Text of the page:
I am writing similarly to other regular commenters who I feel would be interested, but of course it is a matter of time available. Regards.

  7. UncookedSelachimorpha 7

    Who cares what one rich guy thinks? Unlikely his ideas are spectacularly better than anyone else’s. The only thing you know for sure about him is that he has amassed wealth for himself.

    Remember – the rich don’t care about what is good for others, or good for nations.

    https://www.theguardian.com/commentisfree/2015/feb/13/super-rich-dont-care-about-us-taxes

    http://www.upworthy.com/science-explains-why-rich-people-dont-care-about-you

    • McFlock 7.1

      Koch Brothers.

      Being obscenely wealthy makes it easy to use one’s wealth to disrupt democracy.

      • One Anonymous Bloke 7.1.1

        …and the behaviour isn’t confined to “family” businesses; cf: Exxon.

      • Richard McGrath 7.1.2

        Yep, that’s called free speech. You forgot mention George Soros there too.

        • McFlock 7.1.2.1

          It’s not free if you pay people to say it.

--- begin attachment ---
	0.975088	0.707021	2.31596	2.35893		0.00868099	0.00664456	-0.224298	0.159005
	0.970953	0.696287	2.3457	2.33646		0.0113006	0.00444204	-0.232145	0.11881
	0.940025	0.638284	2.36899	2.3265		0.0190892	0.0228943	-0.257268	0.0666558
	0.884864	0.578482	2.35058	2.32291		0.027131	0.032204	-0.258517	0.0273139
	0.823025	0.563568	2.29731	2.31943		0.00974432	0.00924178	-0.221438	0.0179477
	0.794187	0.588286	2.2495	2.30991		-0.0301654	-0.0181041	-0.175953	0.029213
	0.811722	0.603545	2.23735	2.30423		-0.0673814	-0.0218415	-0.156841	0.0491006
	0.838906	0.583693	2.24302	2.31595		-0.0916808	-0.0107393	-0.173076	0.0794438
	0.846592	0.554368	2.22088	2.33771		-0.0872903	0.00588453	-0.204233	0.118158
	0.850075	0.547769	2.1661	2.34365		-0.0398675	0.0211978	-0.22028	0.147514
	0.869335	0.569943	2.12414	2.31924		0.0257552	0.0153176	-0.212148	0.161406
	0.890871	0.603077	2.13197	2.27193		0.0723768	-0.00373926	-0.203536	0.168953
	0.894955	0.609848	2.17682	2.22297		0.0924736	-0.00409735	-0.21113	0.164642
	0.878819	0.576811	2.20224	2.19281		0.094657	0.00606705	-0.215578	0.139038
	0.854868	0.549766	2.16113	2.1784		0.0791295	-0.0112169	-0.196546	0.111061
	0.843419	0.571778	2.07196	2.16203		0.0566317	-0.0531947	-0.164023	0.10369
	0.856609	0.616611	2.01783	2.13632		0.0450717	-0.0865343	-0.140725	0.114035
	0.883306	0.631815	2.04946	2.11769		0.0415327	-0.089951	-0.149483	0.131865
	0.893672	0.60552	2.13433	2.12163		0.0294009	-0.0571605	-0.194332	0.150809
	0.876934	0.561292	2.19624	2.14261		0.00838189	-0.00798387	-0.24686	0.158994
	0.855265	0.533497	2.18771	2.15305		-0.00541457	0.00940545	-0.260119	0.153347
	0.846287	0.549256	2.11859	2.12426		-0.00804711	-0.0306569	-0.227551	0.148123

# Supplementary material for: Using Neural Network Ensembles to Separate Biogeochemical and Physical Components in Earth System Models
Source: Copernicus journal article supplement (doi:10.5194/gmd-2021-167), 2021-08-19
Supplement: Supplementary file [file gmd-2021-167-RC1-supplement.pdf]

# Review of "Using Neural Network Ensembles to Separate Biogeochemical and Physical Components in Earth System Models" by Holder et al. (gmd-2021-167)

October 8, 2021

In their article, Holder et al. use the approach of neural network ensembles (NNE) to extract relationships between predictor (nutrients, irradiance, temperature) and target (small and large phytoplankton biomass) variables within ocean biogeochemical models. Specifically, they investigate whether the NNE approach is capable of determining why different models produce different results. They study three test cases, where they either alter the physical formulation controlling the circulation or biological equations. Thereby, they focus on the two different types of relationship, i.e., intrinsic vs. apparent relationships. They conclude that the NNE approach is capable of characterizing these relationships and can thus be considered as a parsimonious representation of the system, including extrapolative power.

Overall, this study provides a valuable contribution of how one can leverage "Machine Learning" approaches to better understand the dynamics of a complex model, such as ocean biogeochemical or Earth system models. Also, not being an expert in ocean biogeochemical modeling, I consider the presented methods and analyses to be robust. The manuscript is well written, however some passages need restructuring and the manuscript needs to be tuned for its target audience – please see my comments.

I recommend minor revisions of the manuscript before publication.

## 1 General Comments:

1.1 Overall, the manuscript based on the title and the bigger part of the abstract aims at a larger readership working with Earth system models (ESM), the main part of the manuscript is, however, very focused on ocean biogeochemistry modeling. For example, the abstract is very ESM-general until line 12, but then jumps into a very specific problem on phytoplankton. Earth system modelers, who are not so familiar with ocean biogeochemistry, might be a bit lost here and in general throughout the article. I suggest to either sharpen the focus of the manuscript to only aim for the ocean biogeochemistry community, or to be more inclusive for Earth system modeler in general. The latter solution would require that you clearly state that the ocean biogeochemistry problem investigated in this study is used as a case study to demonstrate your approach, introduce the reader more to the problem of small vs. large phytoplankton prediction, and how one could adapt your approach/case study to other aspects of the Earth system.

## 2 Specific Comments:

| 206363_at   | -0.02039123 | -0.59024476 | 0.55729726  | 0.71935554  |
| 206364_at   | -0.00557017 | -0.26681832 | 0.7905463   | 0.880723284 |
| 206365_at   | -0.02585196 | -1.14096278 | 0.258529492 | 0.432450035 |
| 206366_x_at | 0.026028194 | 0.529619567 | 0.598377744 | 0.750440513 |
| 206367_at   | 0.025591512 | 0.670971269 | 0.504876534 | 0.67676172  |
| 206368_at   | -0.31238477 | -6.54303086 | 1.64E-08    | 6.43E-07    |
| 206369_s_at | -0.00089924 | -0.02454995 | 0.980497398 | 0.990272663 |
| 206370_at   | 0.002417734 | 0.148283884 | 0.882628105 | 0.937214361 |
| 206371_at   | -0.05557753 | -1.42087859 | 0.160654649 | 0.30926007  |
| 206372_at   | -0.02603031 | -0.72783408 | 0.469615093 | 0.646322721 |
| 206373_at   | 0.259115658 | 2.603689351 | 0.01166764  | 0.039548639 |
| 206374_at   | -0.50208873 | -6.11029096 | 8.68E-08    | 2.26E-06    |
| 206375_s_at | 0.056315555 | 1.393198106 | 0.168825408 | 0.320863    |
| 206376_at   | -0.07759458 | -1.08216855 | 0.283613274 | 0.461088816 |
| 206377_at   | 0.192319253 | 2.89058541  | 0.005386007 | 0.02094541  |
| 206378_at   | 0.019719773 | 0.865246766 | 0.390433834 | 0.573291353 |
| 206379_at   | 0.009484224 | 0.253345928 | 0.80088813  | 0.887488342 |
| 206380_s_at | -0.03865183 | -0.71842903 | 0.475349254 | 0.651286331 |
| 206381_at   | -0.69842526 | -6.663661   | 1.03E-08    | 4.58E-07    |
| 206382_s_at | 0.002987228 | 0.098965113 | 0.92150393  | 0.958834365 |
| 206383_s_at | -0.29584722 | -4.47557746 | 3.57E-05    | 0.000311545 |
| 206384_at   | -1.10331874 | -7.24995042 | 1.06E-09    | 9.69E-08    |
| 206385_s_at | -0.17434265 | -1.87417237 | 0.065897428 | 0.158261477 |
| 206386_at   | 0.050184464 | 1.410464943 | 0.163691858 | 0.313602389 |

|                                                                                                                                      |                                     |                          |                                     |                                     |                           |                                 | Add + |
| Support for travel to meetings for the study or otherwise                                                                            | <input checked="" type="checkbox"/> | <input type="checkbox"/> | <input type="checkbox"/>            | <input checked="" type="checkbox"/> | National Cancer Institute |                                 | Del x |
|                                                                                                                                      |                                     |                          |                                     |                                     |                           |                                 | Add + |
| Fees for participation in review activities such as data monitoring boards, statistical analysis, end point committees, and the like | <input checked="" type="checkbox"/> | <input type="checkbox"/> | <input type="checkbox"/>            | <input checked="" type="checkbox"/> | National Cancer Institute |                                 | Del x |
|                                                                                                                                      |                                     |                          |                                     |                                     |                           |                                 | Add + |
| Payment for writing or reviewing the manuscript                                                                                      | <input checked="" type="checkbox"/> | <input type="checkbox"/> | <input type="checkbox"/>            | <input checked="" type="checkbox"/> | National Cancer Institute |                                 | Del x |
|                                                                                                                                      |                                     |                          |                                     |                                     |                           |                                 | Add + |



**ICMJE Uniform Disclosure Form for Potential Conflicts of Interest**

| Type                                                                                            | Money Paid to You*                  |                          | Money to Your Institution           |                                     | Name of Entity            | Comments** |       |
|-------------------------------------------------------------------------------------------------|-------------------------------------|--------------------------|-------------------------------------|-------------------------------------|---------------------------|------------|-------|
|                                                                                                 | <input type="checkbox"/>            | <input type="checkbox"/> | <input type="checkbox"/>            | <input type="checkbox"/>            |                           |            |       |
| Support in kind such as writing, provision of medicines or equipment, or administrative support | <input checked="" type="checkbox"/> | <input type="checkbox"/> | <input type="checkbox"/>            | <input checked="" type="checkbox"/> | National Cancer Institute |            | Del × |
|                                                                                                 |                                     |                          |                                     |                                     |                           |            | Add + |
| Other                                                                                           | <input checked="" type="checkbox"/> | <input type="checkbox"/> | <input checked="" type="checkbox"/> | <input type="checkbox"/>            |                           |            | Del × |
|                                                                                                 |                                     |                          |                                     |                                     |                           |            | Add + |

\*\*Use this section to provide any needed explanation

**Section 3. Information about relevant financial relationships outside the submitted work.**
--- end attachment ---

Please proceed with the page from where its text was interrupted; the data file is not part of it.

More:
• Richard McGrath 7.1.2.1.1

            Of course it is. Free refers to freedom of action. You are free to pay people to broadcast your ideas if you want to.

            • McFlock 7.1.2.1.1.1

              I’m also free to flap my wings and fly, all I lack are wings.

              And prisoners are always free to leave, they just lack bolt cutters.

              And the starving are always free to eat, they just lack food.

              • Richard McGrath

                Ridiculous comments – humans are creative enough to overcome barriers such as a lack of wings and shortages of food; we can now fly in jet-powered aeroplanes despite our bodies lacking wings, and there is an abundance of food thanks to technology including the genetic engineering of crops.

                • McFlock

                  And yet we still have people falling to their deaths, we still have people living in prisons, and we still have people dying of starvation.

        • One Anonymous Bloke 7.1.2.2

          George Soros did it too? (I doubt that, because you said it, but hey, let’s suspend disbelief for a moment). How your much-vaunted ethics melt away at the first straw.

          Your argument is piss-weak, and you don’t have a better one.

  8. RedLogix 8